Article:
England and America
( Originally Published 1927 )
BY JAMES BRYCE
This is a memorable day to Englishmen as well as to Americans. It is to us a day both of regret and of rejoicing : of regret at the severance of the political connection which bound the two branches 0f our race together, and of regret even more for the unhappy errors which brought that severance about, and the unhappy strife by which the memory of it was embittered. But it is also a day of rejoicing, for it is the birthday of the eldest daughter of England — the day when a new nation, sprung from our own, first took its independent place in the world. And now with the progress 0f time, rejoicing has prevailed over regret, and we in England can at length join heartily with you in celebrating the beginning of your national life. All sense of bitterness has passed away, and been replaced by sympathy with all which this anniversary means to an American heart.
England and America now understand one another far better than they ever did before. In 1776 there was on one side a monarch and a small ruling caste, on the other side a people. Now our government can no longer misrepresent the nation, and across the ocean a people speaks to a people. We have both come, and that most notably within recent months, to perceive that all over the world the interests of America and of England are substantially the same.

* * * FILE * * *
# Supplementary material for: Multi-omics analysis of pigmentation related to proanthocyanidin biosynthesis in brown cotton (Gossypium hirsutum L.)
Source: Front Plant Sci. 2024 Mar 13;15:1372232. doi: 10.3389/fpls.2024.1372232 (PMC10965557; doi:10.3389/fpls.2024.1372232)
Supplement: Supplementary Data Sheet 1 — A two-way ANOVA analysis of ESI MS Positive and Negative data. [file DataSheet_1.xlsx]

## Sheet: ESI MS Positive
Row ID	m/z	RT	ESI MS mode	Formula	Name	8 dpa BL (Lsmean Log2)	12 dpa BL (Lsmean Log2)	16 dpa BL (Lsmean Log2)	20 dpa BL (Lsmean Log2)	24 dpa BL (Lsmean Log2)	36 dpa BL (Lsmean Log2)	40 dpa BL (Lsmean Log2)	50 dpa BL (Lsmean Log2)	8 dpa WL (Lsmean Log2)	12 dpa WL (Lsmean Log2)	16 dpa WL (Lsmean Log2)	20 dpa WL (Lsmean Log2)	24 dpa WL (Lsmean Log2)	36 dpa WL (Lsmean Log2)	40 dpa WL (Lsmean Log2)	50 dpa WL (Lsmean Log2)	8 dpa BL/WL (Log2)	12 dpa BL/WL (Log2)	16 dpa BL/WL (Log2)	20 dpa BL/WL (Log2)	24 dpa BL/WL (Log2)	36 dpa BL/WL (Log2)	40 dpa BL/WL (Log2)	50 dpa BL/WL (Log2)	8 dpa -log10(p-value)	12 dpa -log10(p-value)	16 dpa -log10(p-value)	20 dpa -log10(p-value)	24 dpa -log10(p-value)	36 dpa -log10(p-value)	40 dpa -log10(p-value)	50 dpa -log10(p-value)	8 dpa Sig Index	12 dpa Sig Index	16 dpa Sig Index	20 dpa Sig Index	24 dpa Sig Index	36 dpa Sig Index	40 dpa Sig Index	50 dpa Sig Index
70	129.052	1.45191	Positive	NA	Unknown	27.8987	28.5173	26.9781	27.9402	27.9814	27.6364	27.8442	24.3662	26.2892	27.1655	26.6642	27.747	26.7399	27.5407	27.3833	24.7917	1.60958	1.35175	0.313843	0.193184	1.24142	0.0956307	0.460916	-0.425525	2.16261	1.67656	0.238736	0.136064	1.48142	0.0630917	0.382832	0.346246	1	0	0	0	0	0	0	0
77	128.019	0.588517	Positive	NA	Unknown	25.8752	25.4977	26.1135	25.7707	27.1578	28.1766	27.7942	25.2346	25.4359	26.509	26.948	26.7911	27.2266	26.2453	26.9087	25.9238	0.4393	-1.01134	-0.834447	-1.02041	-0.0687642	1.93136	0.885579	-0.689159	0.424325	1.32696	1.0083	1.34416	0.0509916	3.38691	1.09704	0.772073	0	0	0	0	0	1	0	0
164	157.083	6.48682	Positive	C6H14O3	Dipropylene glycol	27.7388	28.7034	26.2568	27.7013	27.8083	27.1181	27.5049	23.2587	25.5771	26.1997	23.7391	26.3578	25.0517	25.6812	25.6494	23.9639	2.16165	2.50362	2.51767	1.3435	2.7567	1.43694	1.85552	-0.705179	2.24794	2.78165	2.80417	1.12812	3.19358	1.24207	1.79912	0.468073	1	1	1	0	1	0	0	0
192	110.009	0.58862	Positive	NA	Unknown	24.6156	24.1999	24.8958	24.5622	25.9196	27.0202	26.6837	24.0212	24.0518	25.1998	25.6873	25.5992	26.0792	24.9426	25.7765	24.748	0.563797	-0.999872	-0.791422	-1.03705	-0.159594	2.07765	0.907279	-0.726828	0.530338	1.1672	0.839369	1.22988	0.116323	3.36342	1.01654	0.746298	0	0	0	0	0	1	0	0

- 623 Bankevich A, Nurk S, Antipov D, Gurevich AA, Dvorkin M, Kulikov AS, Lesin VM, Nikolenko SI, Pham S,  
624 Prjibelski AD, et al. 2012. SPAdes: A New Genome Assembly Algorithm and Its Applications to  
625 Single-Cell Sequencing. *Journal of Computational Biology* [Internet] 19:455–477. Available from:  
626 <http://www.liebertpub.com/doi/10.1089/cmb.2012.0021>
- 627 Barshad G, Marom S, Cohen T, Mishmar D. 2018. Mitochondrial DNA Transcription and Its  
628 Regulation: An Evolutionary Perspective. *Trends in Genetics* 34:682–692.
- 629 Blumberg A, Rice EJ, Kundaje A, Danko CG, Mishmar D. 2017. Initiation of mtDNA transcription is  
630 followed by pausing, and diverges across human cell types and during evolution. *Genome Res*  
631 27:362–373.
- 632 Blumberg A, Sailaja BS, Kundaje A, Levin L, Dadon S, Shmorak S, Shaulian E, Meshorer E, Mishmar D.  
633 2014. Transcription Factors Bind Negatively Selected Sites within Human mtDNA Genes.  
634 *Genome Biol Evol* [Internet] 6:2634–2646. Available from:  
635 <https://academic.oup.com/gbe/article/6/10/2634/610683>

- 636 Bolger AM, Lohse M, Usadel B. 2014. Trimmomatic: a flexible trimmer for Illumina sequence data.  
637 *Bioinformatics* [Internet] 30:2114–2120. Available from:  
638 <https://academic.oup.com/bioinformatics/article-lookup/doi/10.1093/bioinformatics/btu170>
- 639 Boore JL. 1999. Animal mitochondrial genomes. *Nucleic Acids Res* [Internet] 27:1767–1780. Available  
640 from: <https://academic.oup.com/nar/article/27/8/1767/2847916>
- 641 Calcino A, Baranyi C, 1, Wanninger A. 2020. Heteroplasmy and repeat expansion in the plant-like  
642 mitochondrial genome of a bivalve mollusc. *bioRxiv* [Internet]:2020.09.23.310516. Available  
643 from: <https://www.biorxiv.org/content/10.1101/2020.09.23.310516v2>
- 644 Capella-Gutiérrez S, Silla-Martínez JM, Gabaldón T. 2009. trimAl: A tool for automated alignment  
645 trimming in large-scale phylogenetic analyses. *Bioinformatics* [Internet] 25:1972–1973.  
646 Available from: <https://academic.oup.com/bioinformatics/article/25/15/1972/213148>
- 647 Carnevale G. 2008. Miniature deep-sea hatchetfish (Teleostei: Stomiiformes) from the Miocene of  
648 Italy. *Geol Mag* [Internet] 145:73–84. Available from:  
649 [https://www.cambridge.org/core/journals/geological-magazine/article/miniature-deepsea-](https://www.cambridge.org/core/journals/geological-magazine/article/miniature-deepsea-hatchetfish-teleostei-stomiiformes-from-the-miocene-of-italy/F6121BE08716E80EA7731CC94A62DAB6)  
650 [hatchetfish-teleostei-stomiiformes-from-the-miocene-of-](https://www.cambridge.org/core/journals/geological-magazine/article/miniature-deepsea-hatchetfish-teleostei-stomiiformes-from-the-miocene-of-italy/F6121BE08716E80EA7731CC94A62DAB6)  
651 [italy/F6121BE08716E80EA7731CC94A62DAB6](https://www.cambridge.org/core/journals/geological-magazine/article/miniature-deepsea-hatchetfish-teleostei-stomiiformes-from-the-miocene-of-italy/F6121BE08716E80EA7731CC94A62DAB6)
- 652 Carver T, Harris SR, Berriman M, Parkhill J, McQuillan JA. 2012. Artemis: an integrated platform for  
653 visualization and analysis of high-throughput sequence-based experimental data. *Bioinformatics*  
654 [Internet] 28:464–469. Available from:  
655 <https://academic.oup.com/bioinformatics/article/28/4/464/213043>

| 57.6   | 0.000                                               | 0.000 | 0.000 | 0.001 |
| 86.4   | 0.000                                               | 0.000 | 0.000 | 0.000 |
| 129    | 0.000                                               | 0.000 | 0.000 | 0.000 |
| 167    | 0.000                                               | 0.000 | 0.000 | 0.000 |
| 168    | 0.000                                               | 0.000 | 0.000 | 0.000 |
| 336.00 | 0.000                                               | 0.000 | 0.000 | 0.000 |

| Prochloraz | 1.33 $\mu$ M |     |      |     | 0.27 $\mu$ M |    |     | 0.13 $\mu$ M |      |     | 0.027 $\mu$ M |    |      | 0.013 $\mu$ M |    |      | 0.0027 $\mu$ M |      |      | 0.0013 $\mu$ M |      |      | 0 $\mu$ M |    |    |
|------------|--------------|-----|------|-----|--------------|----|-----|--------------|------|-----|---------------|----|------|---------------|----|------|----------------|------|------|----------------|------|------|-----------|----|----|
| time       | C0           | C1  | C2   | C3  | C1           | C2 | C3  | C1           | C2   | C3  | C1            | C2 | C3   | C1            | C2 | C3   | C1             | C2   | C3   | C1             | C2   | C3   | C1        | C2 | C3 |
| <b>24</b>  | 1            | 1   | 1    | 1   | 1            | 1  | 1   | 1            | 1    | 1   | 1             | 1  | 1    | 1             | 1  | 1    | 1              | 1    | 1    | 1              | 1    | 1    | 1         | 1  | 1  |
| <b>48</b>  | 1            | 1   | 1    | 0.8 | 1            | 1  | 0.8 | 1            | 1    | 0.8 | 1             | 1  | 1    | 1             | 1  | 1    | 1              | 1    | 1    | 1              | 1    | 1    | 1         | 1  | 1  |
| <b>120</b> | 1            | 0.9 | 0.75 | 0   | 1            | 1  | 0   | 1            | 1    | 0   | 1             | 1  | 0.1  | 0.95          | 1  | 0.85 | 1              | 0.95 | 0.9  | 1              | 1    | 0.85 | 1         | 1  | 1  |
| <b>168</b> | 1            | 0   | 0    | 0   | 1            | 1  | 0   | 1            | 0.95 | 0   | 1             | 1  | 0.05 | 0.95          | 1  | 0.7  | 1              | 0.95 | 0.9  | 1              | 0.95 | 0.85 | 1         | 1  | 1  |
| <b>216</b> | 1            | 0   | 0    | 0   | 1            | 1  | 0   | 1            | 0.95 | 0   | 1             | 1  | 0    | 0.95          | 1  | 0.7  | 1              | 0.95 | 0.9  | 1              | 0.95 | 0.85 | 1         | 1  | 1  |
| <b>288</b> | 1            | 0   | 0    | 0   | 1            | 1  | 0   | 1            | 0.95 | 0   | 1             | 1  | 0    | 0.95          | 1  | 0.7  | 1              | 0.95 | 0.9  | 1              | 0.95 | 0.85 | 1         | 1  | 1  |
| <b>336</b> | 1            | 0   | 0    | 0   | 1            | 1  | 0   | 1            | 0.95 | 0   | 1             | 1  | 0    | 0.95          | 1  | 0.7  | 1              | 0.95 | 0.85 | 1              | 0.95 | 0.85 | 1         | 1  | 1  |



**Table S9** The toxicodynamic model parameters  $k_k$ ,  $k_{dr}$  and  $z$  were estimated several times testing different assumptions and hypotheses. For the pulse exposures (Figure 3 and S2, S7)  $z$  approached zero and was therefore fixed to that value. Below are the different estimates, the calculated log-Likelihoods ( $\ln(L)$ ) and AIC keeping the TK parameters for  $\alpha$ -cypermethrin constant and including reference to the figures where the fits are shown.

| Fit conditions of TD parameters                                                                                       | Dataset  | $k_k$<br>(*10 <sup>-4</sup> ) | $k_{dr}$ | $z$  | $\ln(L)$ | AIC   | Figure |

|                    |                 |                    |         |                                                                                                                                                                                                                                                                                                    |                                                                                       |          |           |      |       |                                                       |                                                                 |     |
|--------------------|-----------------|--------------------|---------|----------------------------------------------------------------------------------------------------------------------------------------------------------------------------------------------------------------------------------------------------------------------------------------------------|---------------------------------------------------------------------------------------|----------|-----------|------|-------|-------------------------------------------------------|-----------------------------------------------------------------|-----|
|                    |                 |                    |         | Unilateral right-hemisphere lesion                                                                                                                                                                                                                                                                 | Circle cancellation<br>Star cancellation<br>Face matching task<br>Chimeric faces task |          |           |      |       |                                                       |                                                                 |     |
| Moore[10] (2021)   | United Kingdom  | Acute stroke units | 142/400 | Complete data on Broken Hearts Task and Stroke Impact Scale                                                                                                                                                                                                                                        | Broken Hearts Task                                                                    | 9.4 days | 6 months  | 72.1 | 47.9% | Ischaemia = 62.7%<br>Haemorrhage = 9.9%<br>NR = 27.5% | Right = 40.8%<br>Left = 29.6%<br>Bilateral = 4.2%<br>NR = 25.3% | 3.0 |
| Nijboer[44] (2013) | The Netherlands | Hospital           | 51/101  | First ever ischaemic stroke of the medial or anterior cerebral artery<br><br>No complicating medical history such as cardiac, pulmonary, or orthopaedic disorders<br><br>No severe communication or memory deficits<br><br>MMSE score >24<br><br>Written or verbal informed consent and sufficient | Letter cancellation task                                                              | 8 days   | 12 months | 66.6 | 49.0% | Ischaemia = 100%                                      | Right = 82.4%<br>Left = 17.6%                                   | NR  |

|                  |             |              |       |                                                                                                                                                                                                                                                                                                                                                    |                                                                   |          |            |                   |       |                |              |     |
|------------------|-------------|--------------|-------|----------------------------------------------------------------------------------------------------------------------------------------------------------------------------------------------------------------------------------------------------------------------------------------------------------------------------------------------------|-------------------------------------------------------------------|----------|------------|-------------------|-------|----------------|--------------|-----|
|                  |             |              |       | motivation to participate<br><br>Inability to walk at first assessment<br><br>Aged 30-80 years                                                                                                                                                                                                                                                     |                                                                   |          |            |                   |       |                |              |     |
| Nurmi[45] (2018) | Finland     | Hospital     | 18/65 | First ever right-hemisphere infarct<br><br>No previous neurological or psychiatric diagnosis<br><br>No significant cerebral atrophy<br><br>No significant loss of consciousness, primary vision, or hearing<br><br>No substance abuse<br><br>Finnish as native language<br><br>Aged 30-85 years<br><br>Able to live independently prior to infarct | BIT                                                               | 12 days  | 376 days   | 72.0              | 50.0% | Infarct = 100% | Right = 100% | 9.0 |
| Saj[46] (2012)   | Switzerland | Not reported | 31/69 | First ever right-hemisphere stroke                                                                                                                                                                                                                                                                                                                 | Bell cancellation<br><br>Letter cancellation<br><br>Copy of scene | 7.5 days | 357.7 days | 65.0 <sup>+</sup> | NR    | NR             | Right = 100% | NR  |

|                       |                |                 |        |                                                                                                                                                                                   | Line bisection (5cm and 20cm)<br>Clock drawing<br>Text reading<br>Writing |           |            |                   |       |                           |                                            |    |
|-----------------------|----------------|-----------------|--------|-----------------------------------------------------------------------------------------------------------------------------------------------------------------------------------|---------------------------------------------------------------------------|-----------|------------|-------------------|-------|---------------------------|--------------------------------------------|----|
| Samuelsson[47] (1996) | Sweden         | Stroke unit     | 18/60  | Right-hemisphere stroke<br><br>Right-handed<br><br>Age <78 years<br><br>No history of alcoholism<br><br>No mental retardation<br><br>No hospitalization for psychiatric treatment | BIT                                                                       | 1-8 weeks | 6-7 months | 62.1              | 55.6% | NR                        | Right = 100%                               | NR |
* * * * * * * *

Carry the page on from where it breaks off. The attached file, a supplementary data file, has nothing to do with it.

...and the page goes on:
The sense of our underlying unity 0ver against the other races and forms of civilization has been a potent force in drawing us together. It is said that the Fourth Of July is a day of happy augury for mankind. This is true because on that day America entered on a course and proclaimed principles of government which have been of profound significance for mankind. Many nations have had a career of con-quest and of civilizing dominion : but to make an immense people prosperous, happy, and free is a nobler and grander achievement than the most brilliant conquests and the widest dominion.